Measuring Changes in the Spatial Concentration of Income and Poverty Among Suburbs of Large U.S. Metropolitan Areas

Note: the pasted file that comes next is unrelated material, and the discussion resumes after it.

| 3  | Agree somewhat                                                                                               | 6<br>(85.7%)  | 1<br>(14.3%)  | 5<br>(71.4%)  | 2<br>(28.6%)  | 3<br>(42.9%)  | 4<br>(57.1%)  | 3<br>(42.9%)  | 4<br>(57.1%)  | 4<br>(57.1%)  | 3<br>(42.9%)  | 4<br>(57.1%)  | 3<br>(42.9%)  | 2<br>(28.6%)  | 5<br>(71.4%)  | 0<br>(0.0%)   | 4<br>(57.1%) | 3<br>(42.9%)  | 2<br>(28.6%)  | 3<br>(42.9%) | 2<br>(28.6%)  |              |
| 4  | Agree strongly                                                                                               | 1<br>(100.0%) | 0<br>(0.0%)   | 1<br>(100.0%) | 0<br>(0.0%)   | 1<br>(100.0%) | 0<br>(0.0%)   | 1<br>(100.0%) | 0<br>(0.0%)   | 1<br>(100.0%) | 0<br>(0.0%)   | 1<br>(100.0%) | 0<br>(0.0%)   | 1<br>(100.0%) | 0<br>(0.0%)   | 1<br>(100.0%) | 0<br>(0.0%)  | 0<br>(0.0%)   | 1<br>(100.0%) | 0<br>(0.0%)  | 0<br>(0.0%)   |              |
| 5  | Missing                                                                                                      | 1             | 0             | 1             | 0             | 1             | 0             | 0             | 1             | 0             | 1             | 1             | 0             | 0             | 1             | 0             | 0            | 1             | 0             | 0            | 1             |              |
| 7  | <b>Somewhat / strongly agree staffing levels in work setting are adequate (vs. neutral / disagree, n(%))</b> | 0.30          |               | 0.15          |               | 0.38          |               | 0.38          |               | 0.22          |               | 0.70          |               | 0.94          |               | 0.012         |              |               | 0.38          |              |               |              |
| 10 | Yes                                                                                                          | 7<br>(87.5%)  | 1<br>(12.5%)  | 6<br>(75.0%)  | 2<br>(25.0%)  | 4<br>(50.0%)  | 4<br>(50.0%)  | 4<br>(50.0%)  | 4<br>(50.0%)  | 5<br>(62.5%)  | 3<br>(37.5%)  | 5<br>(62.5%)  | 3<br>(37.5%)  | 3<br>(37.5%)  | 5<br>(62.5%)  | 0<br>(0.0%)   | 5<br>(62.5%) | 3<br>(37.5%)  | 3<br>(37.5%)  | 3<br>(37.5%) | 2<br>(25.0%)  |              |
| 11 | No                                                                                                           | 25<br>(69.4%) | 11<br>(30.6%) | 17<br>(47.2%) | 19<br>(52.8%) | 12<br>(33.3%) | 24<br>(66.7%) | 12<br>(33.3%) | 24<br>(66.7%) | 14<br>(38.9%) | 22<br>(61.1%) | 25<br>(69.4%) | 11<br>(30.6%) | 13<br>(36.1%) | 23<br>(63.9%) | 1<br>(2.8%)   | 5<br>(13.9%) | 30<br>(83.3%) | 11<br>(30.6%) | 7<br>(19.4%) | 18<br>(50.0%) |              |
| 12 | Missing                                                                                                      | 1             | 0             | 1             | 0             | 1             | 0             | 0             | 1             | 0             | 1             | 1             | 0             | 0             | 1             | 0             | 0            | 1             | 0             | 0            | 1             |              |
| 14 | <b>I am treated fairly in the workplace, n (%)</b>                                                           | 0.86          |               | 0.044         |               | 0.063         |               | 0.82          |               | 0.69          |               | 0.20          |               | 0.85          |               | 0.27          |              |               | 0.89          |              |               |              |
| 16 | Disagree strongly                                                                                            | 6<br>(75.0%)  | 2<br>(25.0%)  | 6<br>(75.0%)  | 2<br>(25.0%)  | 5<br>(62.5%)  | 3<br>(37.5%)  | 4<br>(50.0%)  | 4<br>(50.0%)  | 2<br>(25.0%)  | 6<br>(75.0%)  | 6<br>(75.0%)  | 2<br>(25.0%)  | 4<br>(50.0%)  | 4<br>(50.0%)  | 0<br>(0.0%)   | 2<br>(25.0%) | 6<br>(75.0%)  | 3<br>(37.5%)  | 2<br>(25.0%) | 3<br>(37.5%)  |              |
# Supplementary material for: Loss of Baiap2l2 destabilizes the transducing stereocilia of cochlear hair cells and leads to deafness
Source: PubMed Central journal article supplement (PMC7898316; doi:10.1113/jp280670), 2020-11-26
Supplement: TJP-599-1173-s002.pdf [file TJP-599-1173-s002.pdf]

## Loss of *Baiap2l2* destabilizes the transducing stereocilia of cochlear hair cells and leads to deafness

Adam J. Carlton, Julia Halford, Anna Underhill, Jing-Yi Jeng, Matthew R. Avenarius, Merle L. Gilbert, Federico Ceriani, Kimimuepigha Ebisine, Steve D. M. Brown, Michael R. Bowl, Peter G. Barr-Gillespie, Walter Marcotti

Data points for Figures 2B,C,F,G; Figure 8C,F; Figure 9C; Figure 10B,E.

American policy analysts and policymakers have assumed that poverty (or low income households) is increasingly concentrating in the inner suburbs of large American cities. This study demonstrates that assumption to be inaccurate. Using data on median household income and the poverty rate for metropolitan area civil divisions from the 1970, 1980, and 1990 U.S. Censuses, this study calculates two measures of the spatial concentration of income and poverty among the suburbs of 27 large metropolitan areas. The coefficient of variation and a regression of change rates on initial values to show that the spatial concentration of poverty and household income among suburbs has not increased over the last twenty years for 27 large U.S. metropolitan areas as a group. There is evidence, however, that poverty has increasingly concentrated over the last twenty years within some suburban municipalities of older metropolitan areas in the northeast and midwest, including Philadelphia, Detroit, Cleveland, Boston, Chicago, St. Louis, and New York City.
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